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How It Is

The Awareness of Method

Being aware of how we speak (or type) to others is imperative in communication when you’re pretty much all remote.

February and March were weird for me. A lot of personal drama, and none of it really mattered to the masses so I kept it to myself and my close friends. I don’t feel the need to publicly broadcast my personal pain on everyone, and I do my best to step back and let it (hopefully) not impact my reactions to everyone else.

This was very hard because a goodly portion of my drama was from the public sector, and it boiled down to people unintentionally hurting me. And as I grumbled on Twitter, I feel like I need to explain how having hurt feelings doesn’t mean I’m over reacting. Which is preposterous.

I understand that, for the most part, the people who hurt me certainly did not intend to attack me or sound combative. And I’m well aware that tone is a terribly difficult thing to read in the written word. That’s why good authors take the time to explain things in detail. Things like italics and bold and capital letters are important for reading into the meaning of a sentence.

At the same time, any time a comment aimed towards me starts with a remark about how they don’t care for drama, I walk away. You should never say that. If you don’t want to talk about the drama, don’t invite the drama. It’s really that simple. And if you’re worried that how you’re saying something, it’s a sign that you should rethink what you’re saying and how you’re saying. This is where the method comes in to play.

The intent of what you’re saying is subject to the manner in which you say it. If you ask a sincere question and people react strongly and negatively to it, then your intent was lost in the method. Communication in text-only is complicated. You can’t see people’s faces, you can’t hear their tone, and most of us don’t know each other to the degree that we can reliably read intent. Simply put, your intent is subject to how it’s read.

For a long time, I’ve advocated people remember that when someone misinterprets what they’ve said, the fault lies in both parties. If I say something and it’s read as aggressive, this is in part my fault for not tempering my tendency to be direct with the need people have for humanity in a conversation. At the same time, no matter how nicely I say “Your plugin has been closed…” someone is rightly going to read it and be angry and interpret that I am being mean or offensive.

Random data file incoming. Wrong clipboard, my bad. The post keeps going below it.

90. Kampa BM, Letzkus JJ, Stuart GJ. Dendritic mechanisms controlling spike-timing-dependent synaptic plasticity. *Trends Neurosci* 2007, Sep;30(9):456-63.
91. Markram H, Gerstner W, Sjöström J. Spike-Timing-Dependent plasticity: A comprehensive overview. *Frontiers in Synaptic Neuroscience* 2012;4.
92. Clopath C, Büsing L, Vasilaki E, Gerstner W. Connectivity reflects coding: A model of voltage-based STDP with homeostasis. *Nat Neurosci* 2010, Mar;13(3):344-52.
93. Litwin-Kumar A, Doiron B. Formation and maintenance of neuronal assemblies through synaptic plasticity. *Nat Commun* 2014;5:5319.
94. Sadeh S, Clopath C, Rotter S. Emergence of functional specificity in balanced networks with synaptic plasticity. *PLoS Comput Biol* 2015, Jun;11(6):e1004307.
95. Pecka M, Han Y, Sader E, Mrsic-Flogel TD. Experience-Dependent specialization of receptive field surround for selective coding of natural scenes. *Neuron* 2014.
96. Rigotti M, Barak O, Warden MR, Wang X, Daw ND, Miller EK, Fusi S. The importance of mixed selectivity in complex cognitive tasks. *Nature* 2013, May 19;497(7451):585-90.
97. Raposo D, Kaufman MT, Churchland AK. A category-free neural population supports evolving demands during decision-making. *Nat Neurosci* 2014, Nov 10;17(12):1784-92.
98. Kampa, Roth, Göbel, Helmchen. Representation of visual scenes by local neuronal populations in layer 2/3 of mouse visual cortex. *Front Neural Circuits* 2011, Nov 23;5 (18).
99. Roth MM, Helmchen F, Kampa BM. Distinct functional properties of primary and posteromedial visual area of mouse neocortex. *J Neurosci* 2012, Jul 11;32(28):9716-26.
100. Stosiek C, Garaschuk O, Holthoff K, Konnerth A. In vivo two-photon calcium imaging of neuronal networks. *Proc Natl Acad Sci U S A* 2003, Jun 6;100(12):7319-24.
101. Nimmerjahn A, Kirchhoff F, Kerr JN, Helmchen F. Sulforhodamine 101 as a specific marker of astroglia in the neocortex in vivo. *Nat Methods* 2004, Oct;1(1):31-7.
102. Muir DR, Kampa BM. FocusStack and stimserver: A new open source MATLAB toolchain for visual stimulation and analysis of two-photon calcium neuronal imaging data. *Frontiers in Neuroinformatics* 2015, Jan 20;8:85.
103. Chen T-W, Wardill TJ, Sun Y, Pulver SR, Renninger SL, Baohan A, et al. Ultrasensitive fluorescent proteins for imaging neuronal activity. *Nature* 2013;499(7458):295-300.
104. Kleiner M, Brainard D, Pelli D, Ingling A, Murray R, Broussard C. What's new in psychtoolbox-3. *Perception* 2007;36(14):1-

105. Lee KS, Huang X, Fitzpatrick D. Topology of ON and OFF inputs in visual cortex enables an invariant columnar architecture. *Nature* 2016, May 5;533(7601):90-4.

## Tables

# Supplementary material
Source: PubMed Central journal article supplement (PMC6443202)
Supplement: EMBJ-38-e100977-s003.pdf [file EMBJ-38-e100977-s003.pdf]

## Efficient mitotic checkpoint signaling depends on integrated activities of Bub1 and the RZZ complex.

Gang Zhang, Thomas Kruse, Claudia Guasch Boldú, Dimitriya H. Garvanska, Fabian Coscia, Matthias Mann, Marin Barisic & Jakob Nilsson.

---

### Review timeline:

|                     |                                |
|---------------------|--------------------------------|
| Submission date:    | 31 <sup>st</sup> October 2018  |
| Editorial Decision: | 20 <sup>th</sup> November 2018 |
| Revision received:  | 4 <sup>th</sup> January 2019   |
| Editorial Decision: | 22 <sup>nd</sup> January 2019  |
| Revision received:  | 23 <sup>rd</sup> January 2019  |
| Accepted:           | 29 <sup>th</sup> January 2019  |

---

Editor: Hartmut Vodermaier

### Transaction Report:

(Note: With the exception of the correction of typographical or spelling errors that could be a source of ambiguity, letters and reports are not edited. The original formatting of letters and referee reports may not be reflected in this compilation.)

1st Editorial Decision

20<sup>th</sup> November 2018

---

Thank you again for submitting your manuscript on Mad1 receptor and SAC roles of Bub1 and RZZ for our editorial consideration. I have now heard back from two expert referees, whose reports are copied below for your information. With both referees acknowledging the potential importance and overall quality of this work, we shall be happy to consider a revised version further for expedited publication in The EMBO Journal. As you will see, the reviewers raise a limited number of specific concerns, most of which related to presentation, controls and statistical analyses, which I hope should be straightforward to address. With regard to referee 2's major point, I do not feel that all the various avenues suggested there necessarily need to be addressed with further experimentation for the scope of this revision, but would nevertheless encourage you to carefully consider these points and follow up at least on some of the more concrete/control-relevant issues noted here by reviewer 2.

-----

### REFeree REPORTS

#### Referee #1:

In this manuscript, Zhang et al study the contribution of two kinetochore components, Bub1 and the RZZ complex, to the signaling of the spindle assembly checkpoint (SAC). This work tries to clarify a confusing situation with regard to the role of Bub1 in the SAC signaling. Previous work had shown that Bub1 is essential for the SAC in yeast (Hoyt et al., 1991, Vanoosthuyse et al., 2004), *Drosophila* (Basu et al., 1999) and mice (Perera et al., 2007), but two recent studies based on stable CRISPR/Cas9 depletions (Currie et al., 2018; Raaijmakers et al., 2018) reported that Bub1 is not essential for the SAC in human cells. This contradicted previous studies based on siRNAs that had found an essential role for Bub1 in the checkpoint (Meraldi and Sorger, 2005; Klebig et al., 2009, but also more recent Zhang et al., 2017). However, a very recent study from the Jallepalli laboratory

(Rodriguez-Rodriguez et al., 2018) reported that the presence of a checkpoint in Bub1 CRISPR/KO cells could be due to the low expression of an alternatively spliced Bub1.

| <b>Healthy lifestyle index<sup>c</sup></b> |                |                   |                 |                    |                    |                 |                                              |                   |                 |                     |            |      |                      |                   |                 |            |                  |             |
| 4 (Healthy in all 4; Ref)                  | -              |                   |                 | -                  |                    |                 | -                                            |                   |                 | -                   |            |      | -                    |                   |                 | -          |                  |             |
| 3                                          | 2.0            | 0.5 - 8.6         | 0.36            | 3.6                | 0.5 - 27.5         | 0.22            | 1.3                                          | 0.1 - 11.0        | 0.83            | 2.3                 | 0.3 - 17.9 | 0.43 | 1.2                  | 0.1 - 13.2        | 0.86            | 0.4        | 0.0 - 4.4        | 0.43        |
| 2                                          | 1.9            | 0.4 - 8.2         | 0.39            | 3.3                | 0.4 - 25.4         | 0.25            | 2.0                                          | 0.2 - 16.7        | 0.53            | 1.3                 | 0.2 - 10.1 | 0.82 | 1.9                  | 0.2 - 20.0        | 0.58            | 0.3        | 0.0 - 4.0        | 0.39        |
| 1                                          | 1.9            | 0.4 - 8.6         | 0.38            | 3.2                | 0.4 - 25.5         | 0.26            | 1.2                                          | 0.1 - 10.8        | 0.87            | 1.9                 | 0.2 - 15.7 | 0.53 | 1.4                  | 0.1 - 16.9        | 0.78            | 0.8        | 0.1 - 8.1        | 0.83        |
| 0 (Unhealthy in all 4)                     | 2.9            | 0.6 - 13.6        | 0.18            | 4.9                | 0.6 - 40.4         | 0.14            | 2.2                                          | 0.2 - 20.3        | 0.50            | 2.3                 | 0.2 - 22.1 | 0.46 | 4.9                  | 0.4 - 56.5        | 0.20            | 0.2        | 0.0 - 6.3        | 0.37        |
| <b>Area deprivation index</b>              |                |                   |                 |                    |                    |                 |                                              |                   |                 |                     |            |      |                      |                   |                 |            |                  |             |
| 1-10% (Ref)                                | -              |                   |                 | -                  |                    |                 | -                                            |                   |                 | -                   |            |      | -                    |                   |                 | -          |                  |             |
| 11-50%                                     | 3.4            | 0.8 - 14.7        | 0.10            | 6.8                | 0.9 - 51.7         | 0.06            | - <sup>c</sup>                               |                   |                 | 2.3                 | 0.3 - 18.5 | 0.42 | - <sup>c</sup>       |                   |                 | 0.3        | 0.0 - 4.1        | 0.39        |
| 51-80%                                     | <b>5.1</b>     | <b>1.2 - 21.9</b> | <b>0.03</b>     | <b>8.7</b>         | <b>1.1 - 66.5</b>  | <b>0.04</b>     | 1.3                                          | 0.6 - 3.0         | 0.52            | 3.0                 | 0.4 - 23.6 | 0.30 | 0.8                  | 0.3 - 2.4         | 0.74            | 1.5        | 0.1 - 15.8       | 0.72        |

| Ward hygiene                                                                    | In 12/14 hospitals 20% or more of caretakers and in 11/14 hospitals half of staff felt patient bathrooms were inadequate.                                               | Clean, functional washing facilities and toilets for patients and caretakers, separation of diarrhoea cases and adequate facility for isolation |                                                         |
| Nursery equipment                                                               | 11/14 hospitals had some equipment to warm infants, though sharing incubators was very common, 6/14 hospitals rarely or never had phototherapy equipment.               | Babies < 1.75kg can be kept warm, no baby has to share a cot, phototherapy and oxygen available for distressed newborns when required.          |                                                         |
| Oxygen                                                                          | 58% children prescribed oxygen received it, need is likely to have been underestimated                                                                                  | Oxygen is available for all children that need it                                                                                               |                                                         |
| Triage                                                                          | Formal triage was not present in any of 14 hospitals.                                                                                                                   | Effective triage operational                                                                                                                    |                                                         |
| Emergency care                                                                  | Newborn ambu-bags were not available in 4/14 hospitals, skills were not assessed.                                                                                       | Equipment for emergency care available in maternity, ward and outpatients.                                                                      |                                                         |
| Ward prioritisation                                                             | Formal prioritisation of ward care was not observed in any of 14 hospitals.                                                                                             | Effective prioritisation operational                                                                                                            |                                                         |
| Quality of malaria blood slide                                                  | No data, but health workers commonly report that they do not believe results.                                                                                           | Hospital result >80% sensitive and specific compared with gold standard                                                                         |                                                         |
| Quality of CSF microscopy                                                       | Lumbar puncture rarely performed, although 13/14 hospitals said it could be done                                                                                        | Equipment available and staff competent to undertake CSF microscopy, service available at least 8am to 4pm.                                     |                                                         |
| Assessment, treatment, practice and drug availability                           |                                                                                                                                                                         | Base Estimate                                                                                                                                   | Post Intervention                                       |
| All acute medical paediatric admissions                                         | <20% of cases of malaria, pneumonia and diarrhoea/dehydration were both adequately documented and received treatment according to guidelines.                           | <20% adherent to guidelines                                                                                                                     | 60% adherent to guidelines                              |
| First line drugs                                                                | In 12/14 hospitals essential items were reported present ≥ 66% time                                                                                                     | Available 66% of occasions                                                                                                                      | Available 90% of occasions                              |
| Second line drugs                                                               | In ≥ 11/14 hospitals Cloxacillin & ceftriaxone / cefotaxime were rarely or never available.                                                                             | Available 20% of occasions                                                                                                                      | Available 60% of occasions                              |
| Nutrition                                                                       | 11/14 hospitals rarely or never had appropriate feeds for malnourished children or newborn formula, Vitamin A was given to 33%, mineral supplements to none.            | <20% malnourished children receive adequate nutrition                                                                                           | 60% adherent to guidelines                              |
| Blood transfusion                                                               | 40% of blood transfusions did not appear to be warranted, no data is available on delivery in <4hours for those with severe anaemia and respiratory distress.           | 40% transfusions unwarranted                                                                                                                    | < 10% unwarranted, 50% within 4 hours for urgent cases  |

It’s a no-win situation. Or at least it’s one I’ve never figured out how to win. I’ve been told the default ‘your plugin has been rejected…’ email is too angry because it uses all caps for one line, even though it apologizes and explains it’s trying to get the reader’s attention and encourage them to … well … read. That email was developed over years of communications with thousands of developers. It’s the one we determined to have the highest success rate of people actually reading and processing what was said.

Still, at least once a day someone replies to an email asking ‘How do I resubmit my plugin?’ This invariably comes in reply to an email that says “When you’ve corrected your code, reply to this email with the updated code attached as a zip, or provide a link to the new code for us to review.” And at that point, I honestly don’t know how to make it more clear.

When people say the email is too aggressive, I explain that we’ve cultivated them over years, but we’re always willing and welcome to make it less so. And we ask if they have suggestions? Not a single person has ever replied with advice, except the person who said “Don’t use emoticons, they’re unprofessional.”

Seriously, you just can’t win.

Which brings me to the point and it’s that winning isn’t the point. Losing is the point. We lose when we don’t take into consideration the reaction to what we say. We lose when we dismiss someone else’s reaction. We lose when we over-react to what we perceive as an over-reaction.

We will never be able to always speak clearly and without accidental misunderstandings. We will never be able to ask every question in a way that makes everyone feel welcome to join a dialogue.

We can be aware that our words have weight and meaning, especially because an increasing number of us communicate in text first (if not text only). We can try to learn from our mistakes. We can apologize sincerely for those mistakes.

What you say can and will be taken out of context. It can and will be read the wrong way. When it happens, it hurts and it tends to make you react poorly. But being hurt by someone’s words doesn’t mean you’re over-reacting. And it would do us all good to remember to respect other people’s feelings and reactions.

Yes. Even me.